“It was decided that Botswana National Front (BNF) should be given the presidency so that Advocate Boko could be our presidential candidate. The late Gomolemo Motswaledi of BMD was to be his running mate. We made this arrangement in preparation to taking over state power.

So, all that has passed, we contested and lost so it is all in the past,” said the BMD leader. He stated that constitutionally, the UDC has no president because the president has to be elected during the UDC elective congress. Advocate Pilane pointed out that UDC according to the Constitution should hold its congress every three (3) years.

He stated that even all the members of UDC National Executive Committee have to be elected at the congress and as it stands, “there is no president or Vice Presidents because they were not voted into those positions.”

Advocate Pilane said instead of building the UDC brand their colleagues at Botswana Congress Party (BCP) and Botswana National Front have resorted to petty issues. He told the media that the leadership of the two parties have taught their members to insult BMD leadership and its members on social media and any other forum.

He had no kind words for the BCP, calling the party a divisive party that thrives on insults and divisive tendencies. He said the BCP leadership had encouraged its foot soldiers to use social media to insult him and members of the BMD.

According to Advocate Pilane, these are some of the things that have made the two parties remain in opposition for far too long without even coming close to toppling the ruling party. He described them as dishonest people who will plunge the country into chaos and that is why Batswana do not want to give them power.

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VIDEO: A Gaborone hotel Prophet caught in the act

Yvonne Mooka



In a matter that closely resembles that of a South African Cabinet Minister, Melusi Gigaba’s masturbating video clip, a visiting Zimbabwean Prophet, Ronald El Melchizedek of Altar of Grace this week denied that he has been sending nudes to church sisters and demanding same from them.

In fact, the ‘man of God’ has earned himself the name, ‘Botswana’s Omotoso’ by girls that allege he has sexually exploited them. Pastor Timothy Omotoso is a Nigerian clergyman accused of sexually exploiting over 30 young girls from his church in South Africa.

“He is an Omotoso and even though they hide it at his church, some of us have received messages from him asking for our nudes. Actually, he has asked for my nudes several times,” says one church sister.

The Midweek Sun has gotten hold of a 34 seconds video clip of the youthful prophet playing with his manhood. Looking like he is in a hotel room, the man stands fully naked in a muted video that, depicts him speaking and teasing the recipient. In a standing position, he starts off by caressing his manhood, giving it a close up and ends up lying on the bed, facing up.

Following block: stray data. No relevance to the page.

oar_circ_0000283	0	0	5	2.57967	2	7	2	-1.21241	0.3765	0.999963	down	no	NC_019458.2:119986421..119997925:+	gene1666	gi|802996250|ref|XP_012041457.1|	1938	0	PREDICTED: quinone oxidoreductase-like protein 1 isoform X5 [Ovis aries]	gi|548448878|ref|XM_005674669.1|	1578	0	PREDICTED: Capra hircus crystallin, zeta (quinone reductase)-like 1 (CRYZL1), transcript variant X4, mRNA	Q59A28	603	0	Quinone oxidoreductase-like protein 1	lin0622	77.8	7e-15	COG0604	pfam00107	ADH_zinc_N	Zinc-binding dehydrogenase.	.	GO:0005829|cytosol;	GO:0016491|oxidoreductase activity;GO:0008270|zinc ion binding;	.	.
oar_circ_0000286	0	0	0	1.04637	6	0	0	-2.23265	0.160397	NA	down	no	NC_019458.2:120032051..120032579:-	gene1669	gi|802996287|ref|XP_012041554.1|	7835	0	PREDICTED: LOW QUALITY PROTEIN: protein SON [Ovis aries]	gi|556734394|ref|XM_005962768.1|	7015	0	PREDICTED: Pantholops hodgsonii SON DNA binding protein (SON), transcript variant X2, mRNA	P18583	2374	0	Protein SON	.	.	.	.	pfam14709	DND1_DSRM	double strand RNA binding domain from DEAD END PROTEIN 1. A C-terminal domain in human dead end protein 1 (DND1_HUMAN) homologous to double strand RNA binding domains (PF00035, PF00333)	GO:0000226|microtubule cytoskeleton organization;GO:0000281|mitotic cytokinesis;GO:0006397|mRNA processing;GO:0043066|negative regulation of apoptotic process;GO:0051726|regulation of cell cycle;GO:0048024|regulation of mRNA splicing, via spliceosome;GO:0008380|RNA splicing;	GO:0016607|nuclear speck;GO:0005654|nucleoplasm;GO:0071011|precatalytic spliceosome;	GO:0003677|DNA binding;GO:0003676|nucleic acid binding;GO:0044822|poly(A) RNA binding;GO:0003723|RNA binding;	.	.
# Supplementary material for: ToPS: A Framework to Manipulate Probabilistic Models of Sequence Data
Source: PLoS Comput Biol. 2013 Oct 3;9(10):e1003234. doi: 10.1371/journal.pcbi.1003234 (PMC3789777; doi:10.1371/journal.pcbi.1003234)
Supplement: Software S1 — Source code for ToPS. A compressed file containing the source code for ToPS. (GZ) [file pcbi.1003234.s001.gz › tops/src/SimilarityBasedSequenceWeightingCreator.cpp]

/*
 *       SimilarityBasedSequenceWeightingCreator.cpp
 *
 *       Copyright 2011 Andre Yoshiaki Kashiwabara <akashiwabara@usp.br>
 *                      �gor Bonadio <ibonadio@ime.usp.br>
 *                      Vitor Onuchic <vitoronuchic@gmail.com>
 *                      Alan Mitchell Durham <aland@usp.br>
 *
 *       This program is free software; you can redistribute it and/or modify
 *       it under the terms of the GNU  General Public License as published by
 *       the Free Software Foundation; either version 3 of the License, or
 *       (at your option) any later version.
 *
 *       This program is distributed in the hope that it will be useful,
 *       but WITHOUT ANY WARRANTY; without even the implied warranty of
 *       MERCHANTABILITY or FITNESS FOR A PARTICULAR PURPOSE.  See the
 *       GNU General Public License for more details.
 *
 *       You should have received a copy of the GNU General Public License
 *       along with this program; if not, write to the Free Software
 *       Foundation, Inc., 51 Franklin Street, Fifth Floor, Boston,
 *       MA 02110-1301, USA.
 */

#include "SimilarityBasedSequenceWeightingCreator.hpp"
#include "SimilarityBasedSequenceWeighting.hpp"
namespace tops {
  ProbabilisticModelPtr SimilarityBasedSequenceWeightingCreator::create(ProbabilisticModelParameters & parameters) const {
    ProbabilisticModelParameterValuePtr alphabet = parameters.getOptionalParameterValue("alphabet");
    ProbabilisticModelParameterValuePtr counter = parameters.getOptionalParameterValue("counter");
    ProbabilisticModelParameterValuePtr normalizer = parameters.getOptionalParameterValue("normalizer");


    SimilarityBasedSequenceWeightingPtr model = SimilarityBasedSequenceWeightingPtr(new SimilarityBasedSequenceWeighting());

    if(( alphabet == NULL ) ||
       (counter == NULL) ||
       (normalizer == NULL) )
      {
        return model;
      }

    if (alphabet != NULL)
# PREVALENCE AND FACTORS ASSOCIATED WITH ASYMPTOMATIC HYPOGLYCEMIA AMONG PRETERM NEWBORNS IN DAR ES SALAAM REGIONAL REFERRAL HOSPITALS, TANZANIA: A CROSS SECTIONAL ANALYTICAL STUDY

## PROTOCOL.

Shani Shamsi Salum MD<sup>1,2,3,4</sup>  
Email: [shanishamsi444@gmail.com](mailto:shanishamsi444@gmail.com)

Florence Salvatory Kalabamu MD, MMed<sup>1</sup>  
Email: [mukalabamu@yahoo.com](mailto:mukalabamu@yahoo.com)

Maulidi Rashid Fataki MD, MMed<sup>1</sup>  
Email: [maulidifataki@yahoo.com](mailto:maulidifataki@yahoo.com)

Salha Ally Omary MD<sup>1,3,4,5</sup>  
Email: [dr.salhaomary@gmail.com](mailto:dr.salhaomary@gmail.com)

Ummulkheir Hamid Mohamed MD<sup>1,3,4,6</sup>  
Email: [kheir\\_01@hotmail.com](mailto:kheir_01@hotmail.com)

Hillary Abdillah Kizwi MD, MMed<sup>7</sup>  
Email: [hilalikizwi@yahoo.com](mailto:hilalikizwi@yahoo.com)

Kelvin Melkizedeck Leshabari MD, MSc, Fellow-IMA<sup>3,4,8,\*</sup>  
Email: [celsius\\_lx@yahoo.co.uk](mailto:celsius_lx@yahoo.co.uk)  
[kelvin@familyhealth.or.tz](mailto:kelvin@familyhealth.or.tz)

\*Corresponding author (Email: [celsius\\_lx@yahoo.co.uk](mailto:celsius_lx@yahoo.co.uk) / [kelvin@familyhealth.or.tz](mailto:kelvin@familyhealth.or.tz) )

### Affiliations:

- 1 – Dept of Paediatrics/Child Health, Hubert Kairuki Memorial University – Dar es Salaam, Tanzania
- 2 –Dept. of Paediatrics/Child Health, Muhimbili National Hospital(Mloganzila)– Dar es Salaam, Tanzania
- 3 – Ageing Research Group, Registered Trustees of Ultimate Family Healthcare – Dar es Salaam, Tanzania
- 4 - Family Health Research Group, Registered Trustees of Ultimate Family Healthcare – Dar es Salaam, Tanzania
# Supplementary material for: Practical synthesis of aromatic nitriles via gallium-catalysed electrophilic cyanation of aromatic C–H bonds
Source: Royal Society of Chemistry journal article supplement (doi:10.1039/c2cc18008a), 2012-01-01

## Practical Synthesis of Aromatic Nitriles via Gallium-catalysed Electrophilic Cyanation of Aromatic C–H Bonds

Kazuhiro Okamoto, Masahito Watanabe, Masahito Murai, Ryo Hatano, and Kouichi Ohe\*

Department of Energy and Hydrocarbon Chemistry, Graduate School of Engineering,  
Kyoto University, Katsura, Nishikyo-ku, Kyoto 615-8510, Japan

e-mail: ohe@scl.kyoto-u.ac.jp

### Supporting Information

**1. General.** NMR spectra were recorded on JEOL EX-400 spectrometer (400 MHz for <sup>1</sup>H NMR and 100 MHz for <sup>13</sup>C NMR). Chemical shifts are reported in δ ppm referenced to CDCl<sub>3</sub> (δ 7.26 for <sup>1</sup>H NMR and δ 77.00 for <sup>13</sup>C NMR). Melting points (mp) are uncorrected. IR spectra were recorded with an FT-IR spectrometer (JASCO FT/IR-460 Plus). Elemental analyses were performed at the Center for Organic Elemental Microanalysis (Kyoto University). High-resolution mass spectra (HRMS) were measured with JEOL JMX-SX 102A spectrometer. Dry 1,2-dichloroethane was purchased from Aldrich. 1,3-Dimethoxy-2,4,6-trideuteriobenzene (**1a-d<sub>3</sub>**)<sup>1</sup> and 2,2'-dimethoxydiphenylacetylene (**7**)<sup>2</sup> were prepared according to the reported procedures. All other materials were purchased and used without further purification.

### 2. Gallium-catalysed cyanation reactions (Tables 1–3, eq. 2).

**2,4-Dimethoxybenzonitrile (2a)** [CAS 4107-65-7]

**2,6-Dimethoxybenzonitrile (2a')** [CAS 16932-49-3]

At least three young women say they received the video from the prophet and that he usually asks for nudes from them. One of them actually says he has been pestering her, demanding to have sex with her. “He likes to send me messages of how horny he is for me. But again, he likes asking for nudes from women.

Even married women at his church have fallen victims of his sexual harassment. I left the church because he disgusted me by doing such things yet calling himself a man of God,” she says.

The woman however says that Melchizedek, a Zimbabwean who holds services at Gaborone Hotel when he is in the country, is a man of accurate prophecies. “He moves mightily in the prophetic but he likes harassing church sisters. It is known in his church. He is married but controlled by the spirit of lust,” she says.

The Prophet responds
Melchidezek told The Midweek Sun that he was aware of the video of him doing the rounds through WhatsApp, but was quick to label the whole thing a scam.“Yes we are aware. Those are scammers from Benin who hacked into my wife’s Facebook account and phone and stole our videos and pictures. So they wanted to blackmail us and we refused, that is why they are doing that.

It is just an effort to harm the work of God but God is in control,” he told The Midweek Sun. He would not be drawn into responding to, or even discussing the allegations levelled against him by church sisters, but instead gave this reporter a mobile number of a person he said was his wife.

The said woman confirmed that the video was posted by scammers. “That was done by scammers. We have reported them to Benin police,” she said. She however would not give the name of the police station nor go into further details.

This incident follows on last week’s revelations reported by this publication, where several girls spoke anonymously about pastors, prophets and ‘men of God’who were using them sexually in church. Many were uncomfortable to reveal their names, forcing this paper to also conceal the identies of the accused churches and pastors involved in the dirty acts in the name of God.